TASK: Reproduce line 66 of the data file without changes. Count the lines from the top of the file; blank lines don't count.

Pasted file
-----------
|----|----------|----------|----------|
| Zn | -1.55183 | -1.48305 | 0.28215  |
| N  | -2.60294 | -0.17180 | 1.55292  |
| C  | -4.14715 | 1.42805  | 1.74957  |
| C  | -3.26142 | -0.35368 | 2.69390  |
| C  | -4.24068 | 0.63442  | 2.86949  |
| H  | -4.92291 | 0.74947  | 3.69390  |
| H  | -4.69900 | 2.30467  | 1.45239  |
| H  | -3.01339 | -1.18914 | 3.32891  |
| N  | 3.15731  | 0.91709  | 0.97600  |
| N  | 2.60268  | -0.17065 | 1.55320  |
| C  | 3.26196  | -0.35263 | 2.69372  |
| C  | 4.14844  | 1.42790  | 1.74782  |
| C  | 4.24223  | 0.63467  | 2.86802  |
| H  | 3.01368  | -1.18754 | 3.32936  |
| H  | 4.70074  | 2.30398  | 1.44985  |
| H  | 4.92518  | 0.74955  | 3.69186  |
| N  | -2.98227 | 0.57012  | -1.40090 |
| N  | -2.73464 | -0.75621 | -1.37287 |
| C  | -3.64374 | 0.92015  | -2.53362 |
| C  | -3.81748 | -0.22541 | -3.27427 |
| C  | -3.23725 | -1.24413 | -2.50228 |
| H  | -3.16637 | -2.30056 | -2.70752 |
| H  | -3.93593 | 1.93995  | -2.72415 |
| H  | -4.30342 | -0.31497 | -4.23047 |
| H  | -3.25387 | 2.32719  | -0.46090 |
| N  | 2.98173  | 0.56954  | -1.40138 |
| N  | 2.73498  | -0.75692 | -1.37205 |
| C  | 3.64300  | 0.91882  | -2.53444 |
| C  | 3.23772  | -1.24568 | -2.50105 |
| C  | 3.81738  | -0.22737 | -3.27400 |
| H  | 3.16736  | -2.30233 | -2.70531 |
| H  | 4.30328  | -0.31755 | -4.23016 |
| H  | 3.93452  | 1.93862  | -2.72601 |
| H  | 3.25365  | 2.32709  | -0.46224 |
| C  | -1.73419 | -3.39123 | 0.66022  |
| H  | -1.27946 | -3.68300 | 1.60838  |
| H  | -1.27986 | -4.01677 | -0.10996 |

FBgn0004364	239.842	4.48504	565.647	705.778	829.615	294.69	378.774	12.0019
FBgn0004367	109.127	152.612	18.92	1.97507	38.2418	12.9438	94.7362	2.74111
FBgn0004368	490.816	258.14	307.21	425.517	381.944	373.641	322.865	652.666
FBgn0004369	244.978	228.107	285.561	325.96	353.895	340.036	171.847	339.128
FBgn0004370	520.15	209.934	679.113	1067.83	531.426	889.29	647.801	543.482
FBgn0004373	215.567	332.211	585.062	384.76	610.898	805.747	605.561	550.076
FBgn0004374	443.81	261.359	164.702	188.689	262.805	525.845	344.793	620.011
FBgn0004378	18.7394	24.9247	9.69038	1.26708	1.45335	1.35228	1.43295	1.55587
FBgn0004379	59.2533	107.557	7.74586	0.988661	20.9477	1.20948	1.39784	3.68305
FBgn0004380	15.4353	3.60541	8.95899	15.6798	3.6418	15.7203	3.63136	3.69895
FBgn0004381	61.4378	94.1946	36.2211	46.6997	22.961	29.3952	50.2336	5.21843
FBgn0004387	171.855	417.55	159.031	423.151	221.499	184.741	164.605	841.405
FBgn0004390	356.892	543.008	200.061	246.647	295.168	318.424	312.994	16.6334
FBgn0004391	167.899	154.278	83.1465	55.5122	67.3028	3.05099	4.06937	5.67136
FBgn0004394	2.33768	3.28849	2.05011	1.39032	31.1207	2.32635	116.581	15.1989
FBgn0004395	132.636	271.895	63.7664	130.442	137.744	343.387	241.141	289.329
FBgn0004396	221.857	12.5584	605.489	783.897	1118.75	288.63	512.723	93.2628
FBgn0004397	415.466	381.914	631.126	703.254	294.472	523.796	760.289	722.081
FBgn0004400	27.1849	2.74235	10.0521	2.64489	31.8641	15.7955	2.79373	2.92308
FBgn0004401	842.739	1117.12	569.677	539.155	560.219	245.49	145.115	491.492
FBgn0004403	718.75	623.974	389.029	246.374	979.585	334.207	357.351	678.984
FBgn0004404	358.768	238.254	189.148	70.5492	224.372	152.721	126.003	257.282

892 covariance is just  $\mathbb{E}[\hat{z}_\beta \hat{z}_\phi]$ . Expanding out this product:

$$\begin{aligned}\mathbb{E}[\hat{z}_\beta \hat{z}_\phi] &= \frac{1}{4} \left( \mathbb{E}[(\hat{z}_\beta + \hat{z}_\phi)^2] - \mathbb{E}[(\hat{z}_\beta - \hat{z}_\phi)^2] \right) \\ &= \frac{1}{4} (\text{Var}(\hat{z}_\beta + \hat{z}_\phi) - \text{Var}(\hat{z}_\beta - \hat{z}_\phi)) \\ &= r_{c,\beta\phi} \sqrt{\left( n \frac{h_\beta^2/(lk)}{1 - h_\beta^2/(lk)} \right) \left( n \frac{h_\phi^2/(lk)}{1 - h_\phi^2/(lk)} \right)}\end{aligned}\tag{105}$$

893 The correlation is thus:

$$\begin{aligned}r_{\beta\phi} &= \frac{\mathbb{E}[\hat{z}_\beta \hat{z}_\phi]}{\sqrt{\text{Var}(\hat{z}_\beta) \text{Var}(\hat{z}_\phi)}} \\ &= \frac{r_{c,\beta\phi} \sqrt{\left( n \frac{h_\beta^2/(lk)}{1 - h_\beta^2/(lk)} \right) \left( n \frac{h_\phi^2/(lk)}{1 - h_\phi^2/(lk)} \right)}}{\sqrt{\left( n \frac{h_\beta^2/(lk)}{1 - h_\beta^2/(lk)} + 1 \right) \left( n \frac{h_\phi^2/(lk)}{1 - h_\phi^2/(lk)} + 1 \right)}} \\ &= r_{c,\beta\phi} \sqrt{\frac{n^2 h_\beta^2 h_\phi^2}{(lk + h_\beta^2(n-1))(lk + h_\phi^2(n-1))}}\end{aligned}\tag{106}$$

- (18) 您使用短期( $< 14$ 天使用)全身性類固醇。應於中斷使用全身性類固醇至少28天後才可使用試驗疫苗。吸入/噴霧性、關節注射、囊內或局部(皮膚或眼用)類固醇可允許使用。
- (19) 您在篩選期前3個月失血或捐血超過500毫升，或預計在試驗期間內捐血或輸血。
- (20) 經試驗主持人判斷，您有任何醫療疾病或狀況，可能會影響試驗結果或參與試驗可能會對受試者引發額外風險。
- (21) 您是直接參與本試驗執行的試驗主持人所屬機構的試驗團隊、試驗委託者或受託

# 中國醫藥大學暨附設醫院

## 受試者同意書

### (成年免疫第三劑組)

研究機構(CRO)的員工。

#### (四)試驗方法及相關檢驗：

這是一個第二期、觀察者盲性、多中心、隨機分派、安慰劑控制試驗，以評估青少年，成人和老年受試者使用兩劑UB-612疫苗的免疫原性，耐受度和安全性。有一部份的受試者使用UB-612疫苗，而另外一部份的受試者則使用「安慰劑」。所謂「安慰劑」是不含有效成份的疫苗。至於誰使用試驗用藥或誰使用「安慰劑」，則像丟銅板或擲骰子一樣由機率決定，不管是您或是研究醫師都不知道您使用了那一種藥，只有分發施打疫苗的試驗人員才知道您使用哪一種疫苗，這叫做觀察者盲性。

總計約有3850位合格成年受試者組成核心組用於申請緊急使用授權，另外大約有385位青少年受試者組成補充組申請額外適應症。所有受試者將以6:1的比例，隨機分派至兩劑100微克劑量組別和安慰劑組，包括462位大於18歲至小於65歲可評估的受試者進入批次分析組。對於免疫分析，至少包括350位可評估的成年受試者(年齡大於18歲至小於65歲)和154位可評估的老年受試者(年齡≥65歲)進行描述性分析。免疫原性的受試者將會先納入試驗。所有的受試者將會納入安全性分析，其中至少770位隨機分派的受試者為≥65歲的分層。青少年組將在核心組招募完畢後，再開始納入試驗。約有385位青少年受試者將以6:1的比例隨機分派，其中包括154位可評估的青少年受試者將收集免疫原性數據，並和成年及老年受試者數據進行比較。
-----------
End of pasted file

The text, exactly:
- (19) 您在篩選期前3個月失血或捐血超過500毫升，或預計在試驗期間內捐血或輸血。